10. Event: Secret War. Retell the beloved Marvel Comics event by reimagining the Beyonder as Arishem, the Celestial Judge. The mutants and the cosmically empowered characters are taken to Battleworld, a Celestial petri dish. They are judged… and they FAIL.
  11. The Silver Surfer comes to Earth and tangles with the Fantastic Four. He reveals he’s the herald of a being called Galactus.
  12. Event: The Judgment War. Reimagine Exitar, the Celestial Executioner, as Galactus. His job is to exterminate the failed experiment that is humanity. All the heroes need to come together, Infinity War- and Endgame- style, to save the world. And, of course, the key is Franklin Richards.

That should account for another two decades of the Marvel Cinematic Universe, at which point they’ll branch out the multiverse to cross over with Star Wars, Disney, Pixar, The Simpsons, and National Geographic.

Reality Check

As much as I love to plot out a complex roadmap for mutants in the Marvel Universe, the way it actually plays out is likely much simpler. In the House of M storyline, Wanda Maximoff, out of despair, rid the world (almost) of the X-gene by uttering the words “No more mutants.” Given her new reality-warping powers, mutants may be introduced to the Marvel Cinematic Universe just as simply.

Mirror-Image House of M

Marvel Phase Four: The Multiverse!

SPOILERS for the Marvel Studios universe up through WandaVision Episode 5, and speculation beyond. 

The Joy of a Slow Watch

I’ve been starved for new live-action Marvel Studios programming taking place in the Marvel Cinematic Universe. In the parallel quantum universe without the coronavirus pandemic, I would have already seen Black Widow, Eternals, and Shang-Chi by now. Instead, I get 30 minutes every Friday of WandaVision.

And I love it.

In an era where so much is available online, and entire seasons are released to be binge-watched, I love having to wait. Each episode, questions are answered but deeper questions are uncovered. And I have a week to speculate on the answers. This might be the most enjoyable thing about being in a slow-release fandom, and the reason why many of us loathe spoilers. We are forced to engage with open questions in a story with only our own imaginations and that of our friends. We become active participants in the storytelling process, not just passive consumers. Being a fan of a shared universe becomes an intellectual exercise, where there is a potential thrill both in having guessed right and in being surprised.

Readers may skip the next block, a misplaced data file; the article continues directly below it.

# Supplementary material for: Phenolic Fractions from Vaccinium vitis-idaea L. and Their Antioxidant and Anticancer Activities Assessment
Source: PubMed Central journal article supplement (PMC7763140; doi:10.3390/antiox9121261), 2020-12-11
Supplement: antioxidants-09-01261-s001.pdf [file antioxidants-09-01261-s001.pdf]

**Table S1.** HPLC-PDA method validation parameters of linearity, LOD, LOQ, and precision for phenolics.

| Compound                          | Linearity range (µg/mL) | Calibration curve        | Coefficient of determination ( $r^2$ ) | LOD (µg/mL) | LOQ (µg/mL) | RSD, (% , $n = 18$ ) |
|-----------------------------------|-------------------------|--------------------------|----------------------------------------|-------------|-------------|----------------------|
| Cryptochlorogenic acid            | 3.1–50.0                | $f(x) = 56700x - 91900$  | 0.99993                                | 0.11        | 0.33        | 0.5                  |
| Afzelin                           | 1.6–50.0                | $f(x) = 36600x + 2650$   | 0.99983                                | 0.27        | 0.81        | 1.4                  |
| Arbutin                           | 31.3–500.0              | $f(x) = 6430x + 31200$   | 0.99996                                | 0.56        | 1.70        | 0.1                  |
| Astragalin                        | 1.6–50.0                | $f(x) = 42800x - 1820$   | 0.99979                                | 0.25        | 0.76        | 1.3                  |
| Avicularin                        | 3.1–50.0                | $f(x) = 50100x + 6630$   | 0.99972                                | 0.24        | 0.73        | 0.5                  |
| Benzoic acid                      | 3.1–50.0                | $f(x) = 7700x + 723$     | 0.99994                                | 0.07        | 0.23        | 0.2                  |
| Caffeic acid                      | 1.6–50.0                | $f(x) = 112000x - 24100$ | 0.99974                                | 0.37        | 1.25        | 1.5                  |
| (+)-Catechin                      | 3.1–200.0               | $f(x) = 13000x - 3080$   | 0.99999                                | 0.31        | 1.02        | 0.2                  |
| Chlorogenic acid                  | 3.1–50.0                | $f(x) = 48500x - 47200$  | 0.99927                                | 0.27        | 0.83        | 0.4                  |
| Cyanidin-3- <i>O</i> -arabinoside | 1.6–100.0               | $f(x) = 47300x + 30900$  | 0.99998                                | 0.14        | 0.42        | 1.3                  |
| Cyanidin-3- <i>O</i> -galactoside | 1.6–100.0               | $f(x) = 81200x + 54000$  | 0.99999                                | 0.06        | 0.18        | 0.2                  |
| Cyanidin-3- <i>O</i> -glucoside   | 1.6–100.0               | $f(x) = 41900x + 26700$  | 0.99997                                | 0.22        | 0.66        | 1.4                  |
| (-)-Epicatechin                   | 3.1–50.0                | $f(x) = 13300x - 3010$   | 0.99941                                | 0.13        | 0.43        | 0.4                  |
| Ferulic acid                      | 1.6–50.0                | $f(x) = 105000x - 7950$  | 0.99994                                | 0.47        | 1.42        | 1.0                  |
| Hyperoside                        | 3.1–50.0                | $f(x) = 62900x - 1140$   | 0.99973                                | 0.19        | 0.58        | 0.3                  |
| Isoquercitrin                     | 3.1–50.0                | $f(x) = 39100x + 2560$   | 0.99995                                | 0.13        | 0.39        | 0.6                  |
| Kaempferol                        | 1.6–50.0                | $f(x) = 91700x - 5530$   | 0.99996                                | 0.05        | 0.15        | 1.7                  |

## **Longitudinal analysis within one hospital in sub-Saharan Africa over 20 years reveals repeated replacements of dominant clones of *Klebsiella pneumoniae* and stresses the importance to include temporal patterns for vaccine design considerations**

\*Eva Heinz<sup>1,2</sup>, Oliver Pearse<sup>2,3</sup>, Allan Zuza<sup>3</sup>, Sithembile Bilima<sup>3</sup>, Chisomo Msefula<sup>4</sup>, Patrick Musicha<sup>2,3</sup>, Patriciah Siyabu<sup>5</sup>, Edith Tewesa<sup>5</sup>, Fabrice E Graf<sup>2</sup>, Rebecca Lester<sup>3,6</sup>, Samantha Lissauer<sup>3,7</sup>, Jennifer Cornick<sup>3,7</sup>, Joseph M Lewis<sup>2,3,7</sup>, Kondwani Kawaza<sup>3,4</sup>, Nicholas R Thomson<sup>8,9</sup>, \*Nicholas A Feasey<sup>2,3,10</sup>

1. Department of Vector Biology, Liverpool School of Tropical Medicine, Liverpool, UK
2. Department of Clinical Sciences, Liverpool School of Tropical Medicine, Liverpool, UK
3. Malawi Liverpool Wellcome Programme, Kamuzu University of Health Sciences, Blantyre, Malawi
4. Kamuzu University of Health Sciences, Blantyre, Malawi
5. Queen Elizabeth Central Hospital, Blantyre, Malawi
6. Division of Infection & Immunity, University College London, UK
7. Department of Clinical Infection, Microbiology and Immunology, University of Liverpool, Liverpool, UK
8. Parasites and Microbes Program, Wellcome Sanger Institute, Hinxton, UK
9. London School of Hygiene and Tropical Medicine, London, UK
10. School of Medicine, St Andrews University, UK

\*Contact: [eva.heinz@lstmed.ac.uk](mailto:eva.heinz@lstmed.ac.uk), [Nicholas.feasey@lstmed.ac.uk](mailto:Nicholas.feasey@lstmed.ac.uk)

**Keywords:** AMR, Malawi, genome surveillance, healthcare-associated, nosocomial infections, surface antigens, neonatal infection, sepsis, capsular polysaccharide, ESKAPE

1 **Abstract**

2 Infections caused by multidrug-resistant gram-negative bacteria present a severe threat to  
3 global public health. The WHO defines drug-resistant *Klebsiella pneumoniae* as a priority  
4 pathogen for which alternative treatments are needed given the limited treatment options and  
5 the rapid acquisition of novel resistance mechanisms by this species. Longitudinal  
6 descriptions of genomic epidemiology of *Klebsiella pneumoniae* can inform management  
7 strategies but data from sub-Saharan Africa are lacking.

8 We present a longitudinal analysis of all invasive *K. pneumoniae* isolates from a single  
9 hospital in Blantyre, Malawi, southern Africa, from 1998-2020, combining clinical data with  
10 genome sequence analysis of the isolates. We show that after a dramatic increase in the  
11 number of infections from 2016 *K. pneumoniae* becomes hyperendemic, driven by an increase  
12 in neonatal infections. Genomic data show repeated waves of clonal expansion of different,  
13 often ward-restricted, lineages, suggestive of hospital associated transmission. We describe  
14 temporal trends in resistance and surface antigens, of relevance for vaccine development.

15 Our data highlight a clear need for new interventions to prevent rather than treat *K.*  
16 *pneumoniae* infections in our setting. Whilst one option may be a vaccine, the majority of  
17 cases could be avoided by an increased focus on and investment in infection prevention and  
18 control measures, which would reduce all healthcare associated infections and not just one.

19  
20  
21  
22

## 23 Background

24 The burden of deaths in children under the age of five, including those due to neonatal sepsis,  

The end of WandaVision episode 5 took it to a new level.

When Recasting Opens Doors

Wanda “recasting” Pietro Maximoff from Fox’s X-Men franchise brings together comic book lore, the mythos of two separate Marvel cinematic continuities, and the meta issues of what we’ll be able to see when corporate barriers of ownership fall away. The interconnected possibility of Marvel Comics at last finds potential purchase in big-budget movies.

Briefly, the corporate issues in the Marvel Cinematic Universe were around character licensing rights. Until Spider-Man: Homecoming, we could never see Spider-Man interact with the Avengers because Sony owned the cinematic rights to that set of characters. We could see the Scarlet Witch and Quicksilver in the MCU and alongside the X-Men because they were characters who belonged in both Avengers and X-Men character sets. But the MCU could never make mention of them being Magneto’s children, because Magneto was an X-Men character. And Fox could never have them fighting alongside the Avengers.